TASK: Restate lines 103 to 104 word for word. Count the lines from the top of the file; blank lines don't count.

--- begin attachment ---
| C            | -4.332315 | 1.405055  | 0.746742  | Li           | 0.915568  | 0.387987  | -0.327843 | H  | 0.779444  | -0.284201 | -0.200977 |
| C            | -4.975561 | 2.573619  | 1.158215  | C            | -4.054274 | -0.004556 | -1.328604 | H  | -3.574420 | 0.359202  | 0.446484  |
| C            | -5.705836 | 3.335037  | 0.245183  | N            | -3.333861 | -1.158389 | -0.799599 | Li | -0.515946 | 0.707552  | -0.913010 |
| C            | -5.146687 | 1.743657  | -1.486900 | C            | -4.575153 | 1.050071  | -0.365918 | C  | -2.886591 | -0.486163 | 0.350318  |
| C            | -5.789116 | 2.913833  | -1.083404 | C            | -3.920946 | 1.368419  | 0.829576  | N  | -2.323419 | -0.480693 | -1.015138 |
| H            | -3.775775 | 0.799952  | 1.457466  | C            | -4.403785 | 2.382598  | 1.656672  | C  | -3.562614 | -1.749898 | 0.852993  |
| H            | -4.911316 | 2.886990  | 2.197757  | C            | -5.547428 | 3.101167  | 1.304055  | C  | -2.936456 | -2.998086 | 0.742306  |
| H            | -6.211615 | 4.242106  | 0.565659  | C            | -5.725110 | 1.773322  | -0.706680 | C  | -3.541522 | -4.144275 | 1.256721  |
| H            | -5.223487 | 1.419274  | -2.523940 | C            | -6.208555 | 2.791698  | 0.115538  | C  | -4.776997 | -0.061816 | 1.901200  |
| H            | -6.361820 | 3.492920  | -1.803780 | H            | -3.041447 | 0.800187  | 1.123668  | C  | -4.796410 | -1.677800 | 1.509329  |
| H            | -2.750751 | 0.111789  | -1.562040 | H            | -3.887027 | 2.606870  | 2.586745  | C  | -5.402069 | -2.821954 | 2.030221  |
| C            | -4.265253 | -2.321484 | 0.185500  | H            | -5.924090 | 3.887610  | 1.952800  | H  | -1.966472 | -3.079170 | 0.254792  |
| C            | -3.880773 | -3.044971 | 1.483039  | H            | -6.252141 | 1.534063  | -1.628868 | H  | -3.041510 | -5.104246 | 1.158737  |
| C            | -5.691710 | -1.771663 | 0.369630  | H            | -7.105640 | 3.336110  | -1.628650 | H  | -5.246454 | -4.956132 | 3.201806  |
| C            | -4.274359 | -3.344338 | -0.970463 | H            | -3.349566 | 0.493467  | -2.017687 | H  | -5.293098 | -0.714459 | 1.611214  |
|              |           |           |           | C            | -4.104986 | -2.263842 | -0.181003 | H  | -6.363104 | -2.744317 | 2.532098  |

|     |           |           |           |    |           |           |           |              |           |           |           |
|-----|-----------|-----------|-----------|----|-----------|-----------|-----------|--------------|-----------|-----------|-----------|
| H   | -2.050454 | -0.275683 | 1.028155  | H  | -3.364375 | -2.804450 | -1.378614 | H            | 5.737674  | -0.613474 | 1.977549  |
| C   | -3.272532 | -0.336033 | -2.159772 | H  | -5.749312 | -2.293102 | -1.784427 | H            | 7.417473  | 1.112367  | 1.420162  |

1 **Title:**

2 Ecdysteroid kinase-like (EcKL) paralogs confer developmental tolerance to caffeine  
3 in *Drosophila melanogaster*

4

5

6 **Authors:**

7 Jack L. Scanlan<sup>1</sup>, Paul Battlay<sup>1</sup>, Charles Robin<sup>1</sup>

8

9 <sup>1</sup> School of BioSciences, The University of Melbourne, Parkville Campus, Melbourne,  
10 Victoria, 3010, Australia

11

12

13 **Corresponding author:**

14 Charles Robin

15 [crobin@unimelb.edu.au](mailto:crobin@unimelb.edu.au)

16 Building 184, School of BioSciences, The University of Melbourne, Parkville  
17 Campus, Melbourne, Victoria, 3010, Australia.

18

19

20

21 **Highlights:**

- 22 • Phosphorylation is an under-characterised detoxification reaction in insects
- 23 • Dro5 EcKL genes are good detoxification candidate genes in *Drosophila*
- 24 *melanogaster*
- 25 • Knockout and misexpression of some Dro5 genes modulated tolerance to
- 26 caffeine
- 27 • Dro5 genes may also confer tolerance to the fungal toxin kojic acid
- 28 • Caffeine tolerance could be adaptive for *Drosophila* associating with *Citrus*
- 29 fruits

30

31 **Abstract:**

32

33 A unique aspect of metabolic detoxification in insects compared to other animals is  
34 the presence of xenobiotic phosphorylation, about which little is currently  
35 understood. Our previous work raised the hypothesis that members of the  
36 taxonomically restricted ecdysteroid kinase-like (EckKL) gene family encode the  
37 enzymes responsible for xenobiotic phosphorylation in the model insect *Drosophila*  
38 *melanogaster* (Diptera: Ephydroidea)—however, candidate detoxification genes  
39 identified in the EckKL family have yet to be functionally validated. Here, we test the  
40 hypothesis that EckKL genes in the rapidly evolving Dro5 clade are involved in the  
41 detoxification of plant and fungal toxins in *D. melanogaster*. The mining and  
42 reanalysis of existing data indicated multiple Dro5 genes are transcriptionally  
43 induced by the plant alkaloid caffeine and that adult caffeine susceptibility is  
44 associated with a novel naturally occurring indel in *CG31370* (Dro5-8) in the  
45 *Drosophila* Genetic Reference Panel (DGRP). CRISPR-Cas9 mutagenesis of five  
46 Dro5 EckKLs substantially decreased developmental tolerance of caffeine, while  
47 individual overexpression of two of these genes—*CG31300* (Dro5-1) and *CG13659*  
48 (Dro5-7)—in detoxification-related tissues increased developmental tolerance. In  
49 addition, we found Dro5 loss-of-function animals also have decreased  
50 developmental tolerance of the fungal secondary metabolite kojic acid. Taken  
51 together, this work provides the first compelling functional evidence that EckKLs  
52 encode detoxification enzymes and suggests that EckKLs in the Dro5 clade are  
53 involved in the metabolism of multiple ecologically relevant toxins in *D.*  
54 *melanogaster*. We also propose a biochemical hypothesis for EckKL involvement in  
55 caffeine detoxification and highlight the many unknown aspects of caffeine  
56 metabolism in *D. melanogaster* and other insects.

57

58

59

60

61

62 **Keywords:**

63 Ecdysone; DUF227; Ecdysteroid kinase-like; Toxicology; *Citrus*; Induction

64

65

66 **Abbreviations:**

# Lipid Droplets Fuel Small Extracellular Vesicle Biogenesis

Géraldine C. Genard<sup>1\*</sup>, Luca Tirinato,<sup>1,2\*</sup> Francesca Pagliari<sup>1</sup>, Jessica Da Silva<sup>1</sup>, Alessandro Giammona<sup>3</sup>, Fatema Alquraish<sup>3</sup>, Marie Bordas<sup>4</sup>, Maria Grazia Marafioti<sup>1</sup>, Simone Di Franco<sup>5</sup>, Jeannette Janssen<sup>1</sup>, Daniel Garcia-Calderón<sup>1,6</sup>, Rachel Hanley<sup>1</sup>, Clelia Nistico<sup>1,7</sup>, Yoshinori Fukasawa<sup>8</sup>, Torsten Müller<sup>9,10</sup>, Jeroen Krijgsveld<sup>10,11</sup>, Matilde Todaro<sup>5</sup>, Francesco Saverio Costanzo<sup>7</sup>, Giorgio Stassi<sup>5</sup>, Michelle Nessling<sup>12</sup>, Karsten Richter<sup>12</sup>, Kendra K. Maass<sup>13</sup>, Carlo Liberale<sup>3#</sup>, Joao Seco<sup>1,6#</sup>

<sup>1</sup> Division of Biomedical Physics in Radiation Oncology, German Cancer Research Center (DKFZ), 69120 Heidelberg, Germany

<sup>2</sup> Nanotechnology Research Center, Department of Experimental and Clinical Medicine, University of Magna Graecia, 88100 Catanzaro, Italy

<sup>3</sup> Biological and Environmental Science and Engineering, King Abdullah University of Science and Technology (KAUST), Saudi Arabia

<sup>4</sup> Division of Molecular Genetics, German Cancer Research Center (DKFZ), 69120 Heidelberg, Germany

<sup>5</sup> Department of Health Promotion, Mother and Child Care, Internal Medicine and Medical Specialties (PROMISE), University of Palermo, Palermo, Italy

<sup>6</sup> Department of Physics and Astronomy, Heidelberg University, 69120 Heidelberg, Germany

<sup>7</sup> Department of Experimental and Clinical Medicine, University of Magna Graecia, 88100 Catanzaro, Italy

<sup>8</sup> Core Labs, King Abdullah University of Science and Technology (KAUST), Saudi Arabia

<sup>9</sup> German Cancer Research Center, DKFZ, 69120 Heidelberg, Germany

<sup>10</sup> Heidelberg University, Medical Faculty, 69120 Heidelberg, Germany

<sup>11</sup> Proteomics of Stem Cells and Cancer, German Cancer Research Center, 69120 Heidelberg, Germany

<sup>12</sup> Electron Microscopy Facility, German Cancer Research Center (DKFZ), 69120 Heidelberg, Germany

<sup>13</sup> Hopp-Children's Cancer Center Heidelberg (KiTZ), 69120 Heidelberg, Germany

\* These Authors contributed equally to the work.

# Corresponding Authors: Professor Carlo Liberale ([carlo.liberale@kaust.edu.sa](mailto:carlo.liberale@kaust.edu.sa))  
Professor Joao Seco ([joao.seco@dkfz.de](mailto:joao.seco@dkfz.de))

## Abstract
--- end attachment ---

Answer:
# Corresponding Authors: Professor Carlo Liberale ([carlo.liberale@kaust.edu.sa](mailto:carlo.liberale@kaust.edu.sa))  
Professor Joao Seco ([joao.seco@dkfz.de](mailto:joao.seco@dkfz.de))